Richmond Hosiery Mills v. Camp

Decision Date18 May 1934
Docket NumberNo. 758.,758.
Citation7 F. Supp. 139
PartiesRICHMOND HOSIERY MILLS v. CAMP.
CourtU.S. District Court — Northern District of Georgia

Sutherland, Tuttle & Brennan, of Atlanta, Ga., John A. Chambliss, of Chattanooga, Tenn., and J. Alton Hosch, of Gainesville, Ga., for plaintiff.

M. Neill Andrews, Asst. U. S. Atty., of Atlanta, Ga., and Curley C. Hoffpauir, Asst. Counsel, National Recovery Administration, of Washington, D. C., for defendant.

UNDERWOOD, District Judge.

Complainant, a manufacturer of hosiery, having plants located in Georgia and Tennessee and doing an interstate business, filed this bill against Lawrence S. Camp, United States Attorney, seeking to enjoin him from prosecuting complainant for violation of the National Hosiery Code, or otherwise attempting to enforce against it the provisions of the National Industrial Recovery Act (48 Stat. 195) "in so far as said Act or any code or regulation thereunder might impose a limitation or restriction in the operation of complainant's productive machinery." Complainant alleged that it, "along with other hosiery manufacturers, met in several sessions for the purpose of agreeing upon * * * a code of fair competition for the hosiery industry * * * in an effort to follow out the purposes of said Act"; that on July 12, 1933, a "preliminary draft of a basic code of fair competition for the hosiery industry was approved at a meeting of" the National Association of Hosiery Manufacturers, of which complainant was and is an active and influential member, "by the majority of the manufacturers assembled in conference"; that "the terms agreed upon were protested by the plaintiff as being unreasonable" and as restricting its "use of certain of its machinery by more than fifty per cent in hours, and consequently resulted in actually reducing the number of persons employed because the machinery, subject to the code provisions said to be applicable, would stand idle."

Subsequently, the National Association of Hosiery Manufacturers, claiming to represent 80 per cent. of the hosiery industry, submitted a proposed basic code of fair competition to the National Recovery Administration, which in turn arranged for a public hearing at which "an opportunity to be heard (either in person or by duly appointed representative either by appearance or by sending a written or telegraph statement)" was given "to all persons or groups who can show a substantial interest as workers, employers, consumers or otherwise in the effect of any provision of proposed code."

Notice of the time and place of said hearing was given to all concerned, including complainant. Hearings were duly held, at which complainant was represented by its president, who also presented complainant's contentions directly to President Roosevelt prior to his approval of the Code, and "the Administrator having rendered his report containing an analysis of the code of fair competition, together with his recommendations and findings, respectively, thereto, and the Administrator having found that the said code of fair competition complied in all respects with" the National Industrial Recovery Act, the President, on August 26, 1933, adopted and approved "the report, recommendations and findings of the Administrator" and ordered "that the said code of fair competition be and it is hereby approved."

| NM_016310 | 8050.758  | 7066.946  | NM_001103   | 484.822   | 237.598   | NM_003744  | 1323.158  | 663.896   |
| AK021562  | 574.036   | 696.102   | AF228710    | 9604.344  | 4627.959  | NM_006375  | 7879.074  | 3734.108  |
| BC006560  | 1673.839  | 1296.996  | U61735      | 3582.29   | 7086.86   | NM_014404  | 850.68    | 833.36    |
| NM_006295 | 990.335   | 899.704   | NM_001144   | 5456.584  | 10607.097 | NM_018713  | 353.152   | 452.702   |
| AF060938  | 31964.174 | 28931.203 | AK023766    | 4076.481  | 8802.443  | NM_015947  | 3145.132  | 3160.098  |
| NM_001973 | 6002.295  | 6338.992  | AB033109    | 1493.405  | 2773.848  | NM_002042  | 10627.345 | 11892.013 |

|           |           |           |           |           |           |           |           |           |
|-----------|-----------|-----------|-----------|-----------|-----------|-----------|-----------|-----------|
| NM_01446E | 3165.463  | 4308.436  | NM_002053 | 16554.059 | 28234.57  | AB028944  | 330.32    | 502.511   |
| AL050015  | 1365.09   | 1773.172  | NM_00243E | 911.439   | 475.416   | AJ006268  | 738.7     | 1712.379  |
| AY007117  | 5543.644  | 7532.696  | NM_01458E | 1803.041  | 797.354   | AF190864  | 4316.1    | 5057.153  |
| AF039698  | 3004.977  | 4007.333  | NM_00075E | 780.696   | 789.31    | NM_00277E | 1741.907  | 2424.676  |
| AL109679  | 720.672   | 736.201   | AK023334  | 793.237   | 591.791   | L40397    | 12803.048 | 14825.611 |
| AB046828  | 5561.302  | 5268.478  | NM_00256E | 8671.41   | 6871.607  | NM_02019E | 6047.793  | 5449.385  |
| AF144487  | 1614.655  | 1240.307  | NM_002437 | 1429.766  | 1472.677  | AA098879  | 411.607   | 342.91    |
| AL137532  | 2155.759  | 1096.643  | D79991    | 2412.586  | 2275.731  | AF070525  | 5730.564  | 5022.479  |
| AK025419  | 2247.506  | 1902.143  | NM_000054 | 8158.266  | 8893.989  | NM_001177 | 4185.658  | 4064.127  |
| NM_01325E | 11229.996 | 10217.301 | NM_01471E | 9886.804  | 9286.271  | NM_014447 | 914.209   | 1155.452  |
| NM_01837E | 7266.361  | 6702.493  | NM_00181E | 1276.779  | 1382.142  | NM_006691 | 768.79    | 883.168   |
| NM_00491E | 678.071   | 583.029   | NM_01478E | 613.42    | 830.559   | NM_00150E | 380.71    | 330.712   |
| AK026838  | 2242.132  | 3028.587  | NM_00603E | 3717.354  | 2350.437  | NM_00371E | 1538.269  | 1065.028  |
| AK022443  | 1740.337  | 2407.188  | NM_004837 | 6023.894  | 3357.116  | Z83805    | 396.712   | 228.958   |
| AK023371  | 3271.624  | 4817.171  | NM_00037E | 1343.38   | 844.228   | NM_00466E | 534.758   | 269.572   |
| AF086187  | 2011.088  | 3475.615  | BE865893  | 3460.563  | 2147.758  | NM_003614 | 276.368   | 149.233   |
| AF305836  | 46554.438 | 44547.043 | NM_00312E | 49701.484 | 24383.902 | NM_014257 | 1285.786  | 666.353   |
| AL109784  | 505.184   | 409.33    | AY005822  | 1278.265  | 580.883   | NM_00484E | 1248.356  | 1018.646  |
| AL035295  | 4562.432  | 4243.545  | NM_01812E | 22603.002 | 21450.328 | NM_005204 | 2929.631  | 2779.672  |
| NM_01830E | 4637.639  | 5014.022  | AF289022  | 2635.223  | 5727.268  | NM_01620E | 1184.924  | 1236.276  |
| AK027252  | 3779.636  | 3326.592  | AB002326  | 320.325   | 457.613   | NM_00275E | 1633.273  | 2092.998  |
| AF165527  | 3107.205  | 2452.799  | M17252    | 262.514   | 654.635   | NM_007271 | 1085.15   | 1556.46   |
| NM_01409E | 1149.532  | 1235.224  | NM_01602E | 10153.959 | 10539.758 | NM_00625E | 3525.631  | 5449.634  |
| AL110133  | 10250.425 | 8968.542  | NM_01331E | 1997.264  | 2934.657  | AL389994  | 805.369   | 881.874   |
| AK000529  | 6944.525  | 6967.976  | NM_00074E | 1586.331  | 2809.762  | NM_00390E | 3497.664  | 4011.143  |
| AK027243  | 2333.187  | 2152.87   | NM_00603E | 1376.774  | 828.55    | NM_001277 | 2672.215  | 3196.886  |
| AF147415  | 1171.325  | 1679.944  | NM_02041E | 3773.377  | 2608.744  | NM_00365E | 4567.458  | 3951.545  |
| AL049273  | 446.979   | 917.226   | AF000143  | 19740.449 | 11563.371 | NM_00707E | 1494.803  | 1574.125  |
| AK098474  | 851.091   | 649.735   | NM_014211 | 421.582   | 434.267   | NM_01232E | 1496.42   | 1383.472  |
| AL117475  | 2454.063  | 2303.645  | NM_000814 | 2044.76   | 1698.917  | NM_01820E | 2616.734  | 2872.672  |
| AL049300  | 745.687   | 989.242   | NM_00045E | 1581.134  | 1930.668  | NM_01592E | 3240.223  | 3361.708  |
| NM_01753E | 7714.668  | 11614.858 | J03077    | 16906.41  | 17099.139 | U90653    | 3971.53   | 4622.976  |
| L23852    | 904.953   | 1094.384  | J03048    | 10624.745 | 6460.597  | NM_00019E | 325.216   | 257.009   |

Complainant avers that it fully complied with all the provisions of the Code until the 17th day of October 1933, and has since complied with all provisions, except section 6 of article 4; that it has since said date complied with all code provisions in all of its plants except the Rossville Mill and has complied with all of them at that mill with the exception that it has refused to comply with said section 6 in so far as it forbids the operation of complainant's knitting machines at Rossville more than two shifts a day, because to so limit their operation would necessitate the discharge of about twenty of the employees operating them, which would in turn displace approximately one hundred and fifty other employees engaged in subsequent operations, and would cause it great loss and be an unconstitutional invasion of its rights.

Said section 6 of article 4 of the Code is in the following language: "The productive operations of a plant shall not exceed two shifts of forty (40) hours each week. The work week for productive operations, except dyeing, shall not exceed five (5) days of eight (8) hours each. These days shall be Monday to Friday, inclusive, except in those states where the laws operate to prevent the operation of two forty (40) hours shifts within the mentioned five (5) days. In such states, the employer may operate one shift on Saturday, not to exceed four (4) hours, it being definitely understood that his total machine hours shall not exceed eighty (80) hours per week."

Complainant contends that section 3 of article 1 of the National Industrial Recovery Act (15 USCA § 703), authorizing the establishment of Codes of fair competition, and the above-quoted section 6 of article 4 of the Code, are unconstitutional if held applicable to it.

Since complainant attacks the constitutionality of the act itself, this question must be first determined, because an injunction should be granted as prayed if this contention is correct. Kennington v. Palmer, 255 U. S. 100, 41 S. Ct. 303, 65 L. Ed. 528.

The act by its own terms limits its application to transactions "in and affecting interstate or foreign commerce." 15 USCA § 703 (b). Congress' power is supreme in this field, so there can be no question of the constitutionality of the exertion of this power if done in a manner authorized by the Constitution.